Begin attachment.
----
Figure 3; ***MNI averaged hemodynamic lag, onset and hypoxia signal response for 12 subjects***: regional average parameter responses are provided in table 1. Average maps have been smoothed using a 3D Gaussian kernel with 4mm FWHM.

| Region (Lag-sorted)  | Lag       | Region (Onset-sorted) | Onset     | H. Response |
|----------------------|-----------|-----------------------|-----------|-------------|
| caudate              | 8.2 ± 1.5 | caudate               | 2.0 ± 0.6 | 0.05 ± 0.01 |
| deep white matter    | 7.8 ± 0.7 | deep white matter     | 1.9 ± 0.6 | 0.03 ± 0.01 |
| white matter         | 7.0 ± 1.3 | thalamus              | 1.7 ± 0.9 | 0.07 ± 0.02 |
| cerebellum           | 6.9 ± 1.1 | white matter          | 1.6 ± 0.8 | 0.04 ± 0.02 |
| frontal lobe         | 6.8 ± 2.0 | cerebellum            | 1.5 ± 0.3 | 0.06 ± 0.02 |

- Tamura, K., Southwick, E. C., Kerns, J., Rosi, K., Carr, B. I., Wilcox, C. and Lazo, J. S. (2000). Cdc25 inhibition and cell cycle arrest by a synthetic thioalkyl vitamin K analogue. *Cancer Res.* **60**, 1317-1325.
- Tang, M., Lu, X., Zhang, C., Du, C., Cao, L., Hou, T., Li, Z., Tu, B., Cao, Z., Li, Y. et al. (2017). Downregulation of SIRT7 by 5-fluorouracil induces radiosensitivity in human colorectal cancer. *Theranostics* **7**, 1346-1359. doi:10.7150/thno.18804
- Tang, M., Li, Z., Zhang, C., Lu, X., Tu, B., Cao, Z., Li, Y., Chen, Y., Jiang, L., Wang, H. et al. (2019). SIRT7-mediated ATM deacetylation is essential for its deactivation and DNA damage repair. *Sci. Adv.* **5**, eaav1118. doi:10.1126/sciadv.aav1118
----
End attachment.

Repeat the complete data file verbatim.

Figure 3; ***MNI averaged hemodynamic lag, onset and hypoxia signal response for 12 subjects***: regional average parameter responses are provided in table 1. Average maps have been smoothed using a 3D Gaussian kernel with 4mm FWHM.

| Region (Lag-sorted)  | Lag       | Region (Onset-sorted) | Onset     | H. Response |
|----------------------|-----------|-----------------------|-----------|-------------|
| caudate              | 8.2 ± 1.5 | caudate               | 2.0 ± 0.6 | 0.05 ± 0.01 |
| deep white matter    | 7.8 ± 0.7 | deep white matter     | 1.9 ± 0.6 | 0.03 ± 0.01 |
| white matter         | 7.0 ± 1.3 | thalamus              | 1.7 ± 0.9 | 0.07 ± 0.02 |
| cerebellum           | 6.9 ± 1.1 | white matter          | 1.6 ± 0.8 | 0.04 ± 0.02 |
| frontal lobe         | 6.8 ± 2.0 | cerebellum            | 1.5 ± 0.3 | 0.06 ± 0.02 |

- Tamura, K., Southwick, E. C., Kerns, J., Rosi, K., Carr, B. I., Wilcox, C. and Lazo, J. S. (2000). Cdc25 inhibition and cell cycle arrest by a synthetic thioalkyl vitamin K analogue. *Cancer Res.* **60**, 1317-1325.
- Tang, M., Lu, X., Zhang, C., Du, C., Cao, L., Hou, T., Li, Z., Tu, B., Cao, Z., Li, Y. et al. (2017). Downregulation of SIRT7 by 5-fluorouracil induces radiosensitivity in human colorectal cancer. *Theranostics* **7**, 1346-1359. doi:10.7150/thno.18804
- Tang, M., Li, Z., Zhang, C., Lu, X., Tu, B., Cao, Z., Li, Y., Chen, Y., Jiang, L., Wang, H. et al. (2019). SIRT7-mediated ATM deacetylation is essential for its deactivation and DNA damage repair. *Sci. Adv.* **5**, eaav1118. doi:10.1126/sciadv.aav1118